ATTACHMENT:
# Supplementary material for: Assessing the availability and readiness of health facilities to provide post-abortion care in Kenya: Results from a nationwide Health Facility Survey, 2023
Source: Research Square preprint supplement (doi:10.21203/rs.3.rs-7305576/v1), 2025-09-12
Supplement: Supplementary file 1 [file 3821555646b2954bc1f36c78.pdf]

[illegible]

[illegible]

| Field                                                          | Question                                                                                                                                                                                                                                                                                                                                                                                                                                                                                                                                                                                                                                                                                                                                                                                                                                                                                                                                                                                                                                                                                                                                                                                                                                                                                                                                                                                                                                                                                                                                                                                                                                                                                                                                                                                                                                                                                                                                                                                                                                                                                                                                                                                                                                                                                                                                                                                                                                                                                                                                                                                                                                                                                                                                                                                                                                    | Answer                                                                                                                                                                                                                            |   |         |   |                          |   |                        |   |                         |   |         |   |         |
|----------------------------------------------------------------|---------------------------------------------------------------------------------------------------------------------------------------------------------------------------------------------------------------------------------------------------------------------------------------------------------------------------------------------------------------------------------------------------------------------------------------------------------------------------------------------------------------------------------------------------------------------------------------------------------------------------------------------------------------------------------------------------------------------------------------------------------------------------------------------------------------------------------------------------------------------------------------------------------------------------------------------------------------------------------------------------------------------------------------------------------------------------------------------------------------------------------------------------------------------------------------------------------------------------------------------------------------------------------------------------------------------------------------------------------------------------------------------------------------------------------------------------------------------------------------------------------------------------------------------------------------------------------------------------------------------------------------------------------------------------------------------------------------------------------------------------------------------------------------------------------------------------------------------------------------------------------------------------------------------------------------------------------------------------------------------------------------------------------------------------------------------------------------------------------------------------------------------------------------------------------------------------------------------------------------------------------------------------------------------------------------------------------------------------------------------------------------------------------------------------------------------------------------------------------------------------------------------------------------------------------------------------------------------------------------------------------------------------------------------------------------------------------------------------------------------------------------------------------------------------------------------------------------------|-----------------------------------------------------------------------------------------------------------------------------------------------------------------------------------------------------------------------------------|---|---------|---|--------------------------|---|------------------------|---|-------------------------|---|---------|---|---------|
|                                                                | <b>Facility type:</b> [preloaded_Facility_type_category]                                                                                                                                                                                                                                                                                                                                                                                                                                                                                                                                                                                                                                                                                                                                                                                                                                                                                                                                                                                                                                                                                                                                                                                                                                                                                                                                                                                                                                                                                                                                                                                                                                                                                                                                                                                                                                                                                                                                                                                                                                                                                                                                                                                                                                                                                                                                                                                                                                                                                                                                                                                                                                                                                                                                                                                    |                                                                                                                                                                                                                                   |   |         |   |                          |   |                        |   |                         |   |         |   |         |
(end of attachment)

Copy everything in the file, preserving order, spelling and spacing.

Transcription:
# Supplementary material for: Assessing the availability and readiness of health facilities to provide post-abortion care in Kenya: Results from a nationwide Health Facility Survey, 2023
Source: Research Square preprint supplement (doi:10.21203/rs.3.rs-7305576/v1), 2025-09-12
Supplement: Supplementary file 1 [file 3821555646b2954bc1f36c78.pdf]

[illegible]

[illegible]

| Field                                                          | Question                                                                                                                                                                                                                                                                                                                                                                                                                                                                                                                                                                                                                                                                                                                                                                                                                                                                                                                                                                                                                                                                                                                                                                                                                                                                                                                                                                                                                                                                                                                                                                                                                                                                                                                                                                                                                                                                                                                                                                                                                                                                                                                                                                                                                                                                                                                                                                                                                                                                                                                                                                                                                                                                                                                                                                                                                                    | Answer                                                                                                                                                                                                                            |   |         |   |                          |   |                        |   |                         |   |         |   |         |
|----------------------------------------------------------------|---------------------------------------------------------------------------------------------------------------------------------------------------------------------------------------------------------------------------------------------------------------------------------------------------------------------------------------------------------------------------------------------------------------------------------------------------------------------------------------------------------------------------------------------------------------------------------------------------------------------------------------------------------------------------------------------------------------------------------------------------------------------------------------------------------------------------------------------------------------------------------------------------------------------------------------------------------------------------------------------------------------------------------------------------------------------------------------------------------------------------------------------------------------------------------------------------------------------------------------------------------------------------------------------------------------------------------------------------------------------------------------------------------------------------------------------------------------------------------------------------------------------------------------------------------------------------------------------------------------------------------------------------------------------------------------------------------------------------------------------------------------------------------------------------------------------------------------------------------------------------------------------------------------------------------------------------------------------------------------------------------------------------------------------------------------------------------------------------------------------------------------------------------------------------------------------------------------------------------------------------------------------------------------------------------------------------------------------------------------------------------------------------------------------------------------------------------------------------------------------------------------------------------------------------------------------------------------------------------------------------------------------------------------------------------------------------------------------------------------------------------------------------------------------------------------------------------------------|-----------------------------------------------------------------------------------------------------------------------------------------------------------------------------------------------------------------------------------|---|---------|---|--------------------------|---|------------------------|---|-------------------------|---|---------|---|---------|
|                                                                | <b>Facility type:</b> [preloaded_Facility_type_category]                                                                                                                                                                                                                                                                                                                                                                                                                                                                                                                                                                                                                                                                                                                                                                                                                                                                                                                                                                                                                                                                                                                                                                                                                                                                                                                                                                                                                                                                                                                                                                                                                                                                                                                                                                                                                                                                                                                                                                                                                                                                                                                                                                                                                                                                                                                                                                                                                                                                                                                                                                                                                                                                                                                                                                                    |                                                                                                                                                                                                                                   |   |         |   |                          |   |                        |   |                         |   |         |   |         |